A low brake fluid level is usually the first tell-tale sign that there may be a problem with the brake system.

The whole system is a closed-loop so, if everything is OK, little to none should be missing over a longer period of time.

If a low brake fluid level is present more frequently (for instance you have to add some once a month) then you certainly have a problem.

This article might help you in noticing and finding what that problem may be.




Once the level of brake fluid gets low, the warning light will come up on the dashboard (thanks to a sensor located on the container cap).

There are various types of dashboard warning lights for a low brake fluid level.

On older types of cars (but on some modern also) the parking brake light and the low brake fluid light are the same. This may cause a bit of confusion and perhaps a delay in reacting to the problem on time.

So, if the warning light is the same and there’s a low level of brake fluid, it will come up and stay on even when the parking brake is released.

To avoid such confusion, many manufacturers have made a separate warning light on the dashboard.

Sometimes even a combination of warning lights will come up (for instance ABS and parking brake light together).

On most modern dashboards, with info screens, the low brake fluid message will be displayed in written form so there’s no confusion.

Whatever the case may be, it’s best to know the purpose of all the warning lights on the dashboard

(click here for a separate article on that topic).

Besides the warning light, checking the brake fluid level on a regular basis is one more way of spotting a problem on time. If you’re not sure how to do this, click here and find out.



As mentioned, the car brake system is a closed hydraulic system where proper fluid pressure is crucial.

The brake fluid transfers power from the brake pedal on to the brake cylinder and then to the calipers or wheel cylinders which then press brake pads or brake shoes against discs or drums.

This a brief explanation, for a more in-depth one on Wikipedia, click here.

So, a low brake fluid level will decrease the pressure in the system meaning lack of braking force, and perhaps more important, timely reaction.

Main symptoms that you’ll encounter:

  • The brake pedal gets soft and smushy-like

This is the first and most obvious symptom. Every driver who uses his/her car every day knows that there is a constant level of resistance when pressing it.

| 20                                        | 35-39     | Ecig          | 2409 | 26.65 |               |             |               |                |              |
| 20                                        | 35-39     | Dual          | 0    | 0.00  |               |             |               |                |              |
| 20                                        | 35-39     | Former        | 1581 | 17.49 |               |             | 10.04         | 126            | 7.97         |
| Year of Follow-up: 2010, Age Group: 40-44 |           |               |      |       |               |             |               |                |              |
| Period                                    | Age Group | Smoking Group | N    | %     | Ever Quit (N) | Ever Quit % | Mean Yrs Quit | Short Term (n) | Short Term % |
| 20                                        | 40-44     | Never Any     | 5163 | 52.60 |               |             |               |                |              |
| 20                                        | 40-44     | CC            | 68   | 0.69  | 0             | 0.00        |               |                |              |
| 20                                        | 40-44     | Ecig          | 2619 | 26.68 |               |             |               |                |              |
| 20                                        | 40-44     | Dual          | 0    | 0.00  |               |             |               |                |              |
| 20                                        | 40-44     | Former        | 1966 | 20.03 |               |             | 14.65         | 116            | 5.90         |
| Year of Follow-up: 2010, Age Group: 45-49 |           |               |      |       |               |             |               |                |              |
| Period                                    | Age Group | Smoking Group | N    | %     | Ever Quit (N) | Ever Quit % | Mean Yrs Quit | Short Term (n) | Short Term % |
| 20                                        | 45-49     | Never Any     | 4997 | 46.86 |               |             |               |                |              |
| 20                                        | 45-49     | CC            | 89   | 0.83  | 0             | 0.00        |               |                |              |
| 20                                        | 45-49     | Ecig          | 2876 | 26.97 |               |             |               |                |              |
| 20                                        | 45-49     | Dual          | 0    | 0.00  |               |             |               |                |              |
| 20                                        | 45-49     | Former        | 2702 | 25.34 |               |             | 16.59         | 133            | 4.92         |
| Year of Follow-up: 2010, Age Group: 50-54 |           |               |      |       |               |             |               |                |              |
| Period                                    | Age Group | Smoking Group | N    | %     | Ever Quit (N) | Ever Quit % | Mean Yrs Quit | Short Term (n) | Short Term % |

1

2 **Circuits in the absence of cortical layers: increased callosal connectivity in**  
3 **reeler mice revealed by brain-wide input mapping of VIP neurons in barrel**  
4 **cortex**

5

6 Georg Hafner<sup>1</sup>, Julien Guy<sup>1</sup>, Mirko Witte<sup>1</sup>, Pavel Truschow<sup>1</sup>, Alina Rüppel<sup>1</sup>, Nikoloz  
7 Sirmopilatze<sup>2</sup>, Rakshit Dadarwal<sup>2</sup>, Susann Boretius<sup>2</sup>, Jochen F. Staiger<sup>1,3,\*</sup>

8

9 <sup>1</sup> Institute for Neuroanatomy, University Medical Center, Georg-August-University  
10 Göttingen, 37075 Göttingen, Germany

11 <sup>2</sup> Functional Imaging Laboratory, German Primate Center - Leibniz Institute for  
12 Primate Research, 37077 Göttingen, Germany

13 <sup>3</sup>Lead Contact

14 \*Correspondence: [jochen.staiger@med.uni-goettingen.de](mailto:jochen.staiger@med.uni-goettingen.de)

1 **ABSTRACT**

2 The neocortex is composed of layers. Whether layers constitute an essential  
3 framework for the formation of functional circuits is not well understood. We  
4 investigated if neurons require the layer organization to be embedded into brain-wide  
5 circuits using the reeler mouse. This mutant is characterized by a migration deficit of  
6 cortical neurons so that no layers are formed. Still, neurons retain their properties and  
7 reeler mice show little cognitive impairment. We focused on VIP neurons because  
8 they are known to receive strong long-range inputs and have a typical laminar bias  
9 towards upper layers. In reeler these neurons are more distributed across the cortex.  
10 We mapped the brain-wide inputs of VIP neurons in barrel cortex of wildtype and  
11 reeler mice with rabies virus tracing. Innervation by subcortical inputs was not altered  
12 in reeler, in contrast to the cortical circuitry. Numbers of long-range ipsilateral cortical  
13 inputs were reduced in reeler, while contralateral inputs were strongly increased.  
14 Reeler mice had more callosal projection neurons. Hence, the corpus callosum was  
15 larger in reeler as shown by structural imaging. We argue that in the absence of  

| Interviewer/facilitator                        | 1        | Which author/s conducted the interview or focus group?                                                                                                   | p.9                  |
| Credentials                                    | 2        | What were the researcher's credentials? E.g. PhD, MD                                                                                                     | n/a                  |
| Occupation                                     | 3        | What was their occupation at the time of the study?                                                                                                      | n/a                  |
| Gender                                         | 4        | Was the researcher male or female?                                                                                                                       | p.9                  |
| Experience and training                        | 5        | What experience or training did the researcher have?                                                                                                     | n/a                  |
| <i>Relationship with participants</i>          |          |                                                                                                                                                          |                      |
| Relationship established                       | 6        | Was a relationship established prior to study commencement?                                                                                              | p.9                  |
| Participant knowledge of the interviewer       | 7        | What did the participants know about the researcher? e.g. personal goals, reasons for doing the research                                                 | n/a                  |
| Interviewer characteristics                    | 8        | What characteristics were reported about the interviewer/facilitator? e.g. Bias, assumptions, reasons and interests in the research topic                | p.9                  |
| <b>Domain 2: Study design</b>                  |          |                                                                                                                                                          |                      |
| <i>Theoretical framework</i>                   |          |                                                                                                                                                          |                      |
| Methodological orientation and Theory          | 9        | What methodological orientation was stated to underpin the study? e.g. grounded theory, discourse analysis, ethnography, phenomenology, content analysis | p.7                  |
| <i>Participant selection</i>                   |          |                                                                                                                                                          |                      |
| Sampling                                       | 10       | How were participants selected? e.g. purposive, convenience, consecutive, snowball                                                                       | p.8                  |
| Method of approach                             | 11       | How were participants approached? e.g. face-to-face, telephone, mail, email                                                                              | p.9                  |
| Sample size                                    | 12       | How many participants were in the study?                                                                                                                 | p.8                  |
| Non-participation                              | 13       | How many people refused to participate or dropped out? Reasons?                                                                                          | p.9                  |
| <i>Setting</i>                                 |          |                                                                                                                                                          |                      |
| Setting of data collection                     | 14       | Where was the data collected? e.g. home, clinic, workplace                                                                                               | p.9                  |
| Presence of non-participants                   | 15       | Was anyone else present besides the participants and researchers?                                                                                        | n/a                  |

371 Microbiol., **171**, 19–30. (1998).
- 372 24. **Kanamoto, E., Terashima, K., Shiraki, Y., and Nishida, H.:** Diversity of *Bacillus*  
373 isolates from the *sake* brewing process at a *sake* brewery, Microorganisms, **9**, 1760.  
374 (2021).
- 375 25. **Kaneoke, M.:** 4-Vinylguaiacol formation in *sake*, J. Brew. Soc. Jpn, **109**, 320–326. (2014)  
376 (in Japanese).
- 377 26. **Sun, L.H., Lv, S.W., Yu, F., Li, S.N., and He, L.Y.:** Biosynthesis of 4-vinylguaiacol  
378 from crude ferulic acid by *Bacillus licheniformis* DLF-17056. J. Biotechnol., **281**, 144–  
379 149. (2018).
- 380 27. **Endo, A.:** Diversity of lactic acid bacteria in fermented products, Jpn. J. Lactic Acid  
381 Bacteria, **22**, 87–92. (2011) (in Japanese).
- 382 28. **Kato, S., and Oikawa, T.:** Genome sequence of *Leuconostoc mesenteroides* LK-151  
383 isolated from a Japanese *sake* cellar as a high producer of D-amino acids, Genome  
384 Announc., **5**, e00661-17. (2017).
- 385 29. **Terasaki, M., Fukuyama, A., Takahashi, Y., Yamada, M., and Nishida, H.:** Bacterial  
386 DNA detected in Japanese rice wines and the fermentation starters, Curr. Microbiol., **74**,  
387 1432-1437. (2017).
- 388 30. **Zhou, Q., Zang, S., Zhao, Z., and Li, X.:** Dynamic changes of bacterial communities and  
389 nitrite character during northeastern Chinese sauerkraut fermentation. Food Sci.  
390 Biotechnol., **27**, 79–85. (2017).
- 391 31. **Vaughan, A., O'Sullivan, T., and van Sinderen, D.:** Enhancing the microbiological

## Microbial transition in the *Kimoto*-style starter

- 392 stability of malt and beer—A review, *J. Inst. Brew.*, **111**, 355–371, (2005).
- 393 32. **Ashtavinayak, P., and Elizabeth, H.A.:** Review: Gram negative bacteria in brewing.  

First, the problem is barely noticeable (only experienced drivers notice in most cases). Later, as the fluid level lowers, the pedal becomes softer and softer.

At the same time, a decrease in braking force will occur.

In the final phase of the problem (which should never be allowed to happen) you’ll have to pump the brake pedal a few times to achieve braking power.

  • Brake fluid leaks

The moment you notice a low brake fluid level, check around the car for leaks. The leaks are usually small and hard to spot at the beginning of the problem. As it progresses you may find stains under the car, usually near the wheels.

  • Dirty brake fluid

If you happen to check the fluid, it will not have the regular clear, honey-like color, rather a more dim and fizzy look.

So to recap on this part and the symptoms that will appear:

  • The brake pedal resistance is not usual, it’s a bit softer
  • The low brake fluid light comes up
  • As the problem gets worse, the brake pedal gets softer and more smushy
  • The final phase of the problem is that the brake pedal goes almost to the floor with little resistance. To achieve braking power, you have to pump the pedal several times.

This is the common scenario and usually happens in this order.



1. Worn out brake pads


Brake pads have the function of squeezing the brake disc thus slowing down the wheel. They logically wear out over time as the friction material on the pad is softer than the disc.

The level of brake fluid in the system is calibrated when the brake pads are new. As they wear out over time, the level of brake fluid goes down.

Adding some during this period, as the pads naturally wear out is normal.

Nevertheless, when you see a low brake fluid level in the container, check your maintenance record for when the pads were replaced last time.

2. Worn out brake shoes



Same story as with the brake pads.

Brake shoes wear out over time, so a low level may mean you should check when they were last replaced.

3. Worn out or faulty brake cylinder


Brake cylinders transform hydraulic pressure into kinetic force.

More simply put, they are the part that pushes the pads and brake shoes against the disc or drum.

These kinds of problems are pretty rare since almost all modern cars have brakes discs and calipers on all four wheels. Calipers are also a type of brake cylinder. They are robust and seldom cause problems.

Master cylinders also rarely malfunction. Caliper and master cylinder malfunctions are usually present in older or high mileage cars.

More common problems of this sort come from drum brakes. The wheel cylinder inside the drum (that pushes the brakes shoes against the drum) is a weak spot on a lot of cars.